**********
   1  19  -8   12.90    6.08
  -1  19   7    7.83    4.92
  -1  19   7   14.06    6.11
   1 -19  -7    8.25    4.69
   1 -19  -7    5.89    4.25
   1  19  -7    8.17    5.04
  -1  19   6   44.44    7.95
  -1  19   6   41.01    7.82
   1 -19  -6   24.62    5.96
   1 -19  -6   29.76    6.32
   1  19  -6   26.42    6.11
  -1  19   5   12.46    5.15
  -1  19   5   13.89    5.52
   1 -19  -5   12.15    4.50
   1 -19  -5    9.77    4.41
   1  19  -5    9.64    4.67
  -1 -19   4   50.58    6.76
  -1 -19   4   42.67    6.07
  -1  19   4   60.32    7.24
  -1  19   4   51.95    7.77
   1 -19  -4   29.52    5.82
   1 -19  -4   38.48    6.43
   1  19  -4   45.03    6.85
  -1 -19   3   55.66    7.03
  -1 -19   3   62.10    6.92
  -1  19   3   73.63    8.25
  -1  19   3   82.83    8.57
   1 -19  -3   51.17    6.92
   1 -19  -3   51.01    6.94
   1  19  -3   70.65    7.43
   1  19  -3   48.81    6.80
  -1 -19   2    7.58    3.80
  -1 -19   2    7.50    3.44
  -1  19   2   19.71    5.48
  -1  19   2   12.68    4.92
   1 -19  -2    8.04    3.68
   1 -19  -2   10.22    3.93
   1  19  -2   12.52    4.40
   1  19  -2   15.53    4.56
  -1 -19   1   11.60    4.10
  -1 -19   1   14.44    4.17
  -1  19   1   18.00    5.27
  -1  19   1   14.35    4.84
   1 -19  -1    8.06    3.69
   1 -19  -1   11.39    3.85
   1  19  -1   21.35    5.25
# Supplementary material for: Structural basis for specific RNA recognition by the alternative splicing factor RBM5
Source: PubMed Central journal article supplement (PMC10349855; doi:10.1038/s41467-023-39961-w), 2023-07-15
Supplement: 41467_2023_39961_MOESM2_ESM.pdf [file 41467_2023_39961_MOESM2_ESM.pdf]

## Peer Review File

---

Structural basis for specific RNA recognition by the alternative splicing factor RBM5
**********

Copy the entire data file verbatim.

   1  19  -8   12.90    6.08
  -1  19   7    7.83    4.92
  -1  19   7   14.06    6.11
   1 -19  -7    8.25    4.69
   1 -19  -7    5.89    4.25
   1  19  -7    8.17    5.04
  -1  19   6   44.44    7.95
  -1  19   6   41.01    7.82
   1 -19  -6   24.62    5.96
   1 -19  -6   29.76    6.32
   1  19  -6   26.42    6.11
  -1  19   5   12.46    5.15
  -1  19   5   13.89    5.52
   1 -19  -5   12.15    4.50
   1 -19  -5    9.77    4.41
   1  19  -5    9.64    4.67
  -1 -19   4   50.58    6.76
  -1 -19   4   42.67    6.07
  -1  19   4   60.32    7.24
  -1  19   4   51.95    7.77
   1 -19  -4   29.52    5.82
   1 -19  -4   38.48    6.43
   1  19  -4   45.03    6.85
  -1 -19   3   55.66    7.03
  -1 -19   3   62.10    6.92
  -1  19   3   73.63    8.25
  -1  19   3   82.83    8.57
   1 -19  -3   51.17    6.92
   1 -19  -3   51.01    6.94
   1  19  -3   70.65    7.43
   1  19  -3   48.81    6.80
  -1 -19   2    7.58    3.80
  -1 -19   2    7.50    3.44
  -1  19   2   19.71    5.48
  -1  19   2   12.68    4.92
   1 -19  -2    8.04    3.68
   1 -19  -2   10.22    3.93
   1  19  -2   12.52    4.40
   1  19  -2   15.53    4.56
  -1 -19   1   11.60    4.10
  -1 -19   1   14.44    4.17
  -1  19   1   18.00    5.27
  -1  19   1   14.35    4.84
   1 -19  -1    8.06    3.69
   1 -19  -1   11.39    3.85
   1  19  -1   21.35    5.25
# Supplementary material for: Structural basis for specific RNA recognition by the alternative splicing factor RBM5
Source: PubMed Central journal article supplement (PMC10349855; doi:10.1038/s41467-023-39961-w), 2023-07-15
Supplement: 41467_2023_39961_MOESM2_ESM.pdf [file 41467_2023_39961_MOESM2_ESM.pdf]

## Peer Review File

---

Structural basis for specific RNA recognition by the alternative splicing factor RBM5